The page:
Chef John Kinsella: The Last Days of Haute Cuisine

In the 1970s, Cincinnati was second only to New York in its concentration of fine dining restaurants. There were three five-star restaurants, nine four-star, and 11 three-star restaurants. There was a couple that lived in Boston that used to fly into Cincinnati regularly, stay for seven days and nights and dine out every night. Imagine that! They came here just to dine!

The five-star restaurants were all French. Maisonette was the haute cuisine, Pigall’s was more provincial, and our Gourmet Room was Parisian style. We supported each other. [Maisonette chef] Georges Haidon would come over to my restaurant and have dinner, I would go over to his and have dinner. 

Of the 110 chefs in the city, at least 50 were European: German, Hungarian, Austrian, French, Italian, Irish, and English…different ethnic groups that took pride in their cuisine and wanted to show it off. Grammer’s brought in Janos Kiss. He used to make spaetzle by hand for Schnitzel Holstein. God, his chicken stock was so rich! I had better wiener schnitzel at Grammer’s than I did in Austria.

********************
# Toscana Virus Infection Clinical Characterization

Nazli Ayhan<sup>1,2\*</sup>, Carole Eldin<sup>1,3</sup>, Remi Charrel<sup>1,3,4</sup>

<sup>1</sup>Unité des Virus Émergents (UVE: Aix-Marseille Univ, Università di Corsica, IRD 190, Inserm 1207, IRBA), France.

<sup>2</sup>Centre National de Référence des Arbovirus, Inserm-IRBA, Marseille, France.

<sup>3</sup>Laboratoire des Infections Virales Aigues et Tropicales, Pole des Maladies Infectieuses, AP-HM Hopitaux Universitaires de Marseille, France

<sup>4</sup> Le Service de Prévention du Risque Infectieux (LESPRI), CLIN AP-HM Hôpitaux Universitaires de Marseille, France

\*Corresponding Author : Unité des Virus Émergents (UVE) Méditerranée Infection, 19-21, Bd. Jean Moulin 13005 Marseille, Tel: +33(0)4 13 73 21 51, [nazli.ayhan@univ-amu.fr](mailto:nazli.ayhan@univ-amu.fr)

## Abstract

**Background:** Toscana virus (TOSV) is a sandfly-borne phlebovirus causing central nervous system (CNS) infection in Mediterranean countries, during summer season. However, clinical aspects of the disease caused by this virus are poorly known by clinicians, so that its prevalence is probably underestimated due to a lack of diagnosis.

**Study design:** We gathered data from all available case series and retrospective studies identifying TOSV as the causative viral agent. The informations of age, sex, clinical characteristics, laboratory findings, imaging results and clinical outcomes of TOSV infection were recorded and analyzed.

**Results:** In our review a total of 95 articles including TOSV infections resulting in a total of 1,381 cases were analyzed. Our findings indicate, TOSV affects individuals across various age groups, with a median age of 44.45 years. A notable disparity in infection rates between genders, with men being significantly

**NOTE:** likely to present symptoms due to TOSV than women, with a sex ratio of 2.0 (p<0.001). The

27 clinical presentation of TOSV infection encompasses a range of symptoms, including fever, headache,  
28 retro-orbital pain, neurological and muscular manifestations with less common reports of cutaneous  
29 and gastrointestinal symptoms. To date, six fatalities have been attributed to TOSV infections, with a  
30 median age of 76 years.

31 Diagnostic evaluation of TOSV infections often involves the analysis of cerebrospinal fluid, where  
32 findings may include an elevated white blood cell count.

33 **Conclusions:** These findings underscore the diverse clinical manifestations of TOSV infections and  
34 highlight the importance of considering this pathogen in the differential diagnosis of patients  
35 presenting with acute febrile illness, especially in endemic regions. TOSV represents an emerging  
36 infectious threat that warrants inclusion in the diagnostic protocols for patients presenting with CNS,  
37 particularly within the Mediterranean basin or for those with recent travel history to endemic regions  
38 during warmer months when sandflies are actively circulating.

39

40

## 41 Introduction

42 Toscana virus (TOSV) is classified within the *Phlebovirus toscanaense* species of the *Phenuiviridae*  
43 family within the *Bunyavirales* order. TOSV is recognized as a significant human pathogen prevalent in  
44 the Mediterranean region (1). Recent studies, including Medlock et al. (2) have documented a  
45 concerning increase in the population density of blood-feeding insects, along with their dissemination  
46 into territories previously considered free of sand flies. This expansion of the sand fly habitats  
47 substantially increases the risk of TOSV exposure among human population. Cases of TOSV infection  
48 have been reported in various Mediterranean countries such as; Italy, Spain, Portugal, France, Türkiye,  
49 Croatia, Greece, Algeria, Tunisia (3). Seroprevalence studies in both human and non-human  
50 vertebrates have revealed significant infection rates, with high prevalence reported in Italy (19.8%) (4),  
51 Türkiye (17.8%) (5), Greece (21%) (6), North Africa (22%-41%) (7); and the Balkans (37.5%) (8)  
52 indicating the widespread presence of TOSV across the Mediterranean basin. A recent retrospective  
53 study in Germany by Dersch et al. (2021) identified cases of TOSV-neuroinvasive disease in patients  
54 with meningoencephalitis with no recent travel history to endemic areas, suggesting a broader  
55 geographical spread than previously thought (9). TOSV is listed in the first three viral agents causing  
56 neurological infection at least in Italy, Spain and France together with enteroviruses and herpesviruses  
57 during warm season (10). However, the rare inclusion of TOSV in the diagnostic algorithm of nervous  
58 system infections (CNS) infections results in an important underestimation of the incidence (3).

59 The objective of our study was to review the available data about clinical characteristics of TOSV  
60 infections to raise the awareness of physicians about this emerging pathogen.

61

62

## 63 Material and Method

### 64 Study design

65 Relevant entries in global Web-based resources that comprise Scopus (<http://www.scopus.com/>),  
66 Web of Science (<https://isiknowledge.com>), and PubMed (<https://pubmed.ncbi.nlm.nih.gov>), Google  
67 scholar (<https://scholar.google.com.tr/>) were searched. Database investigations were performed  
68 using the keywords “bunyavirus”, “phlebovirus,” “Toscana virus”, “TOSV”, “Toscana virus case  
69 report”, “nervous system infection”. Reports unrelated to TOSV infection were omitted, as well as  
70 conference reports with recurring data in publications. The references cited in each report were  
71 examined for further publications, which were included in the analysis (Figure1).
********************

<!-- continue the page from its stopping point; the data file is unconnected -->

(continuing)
After 1979, things began to fall apart. Societal changes destroyed fine dining. We started to teach our families to eat with their hands instead of a knife and fork. The conservative moral majority turned people off. The hotels were not attracting conventions. The racial divisiveness . . . those sort of things hurt a city. Chicago, Louisville, Kansas City, and Indianapolis began to grow, recognizing that to be a great city you need great restaurants. We just became another city.

Three five-star restaurants! Nine four-star restaurants! My God, can you imagine if we had that now?  —John Kinsella, Senior Chef Instructor, Midwest Culinary Institute, and former executive chef, The Gourmet Room

 Originally published in the October 2011 issue.

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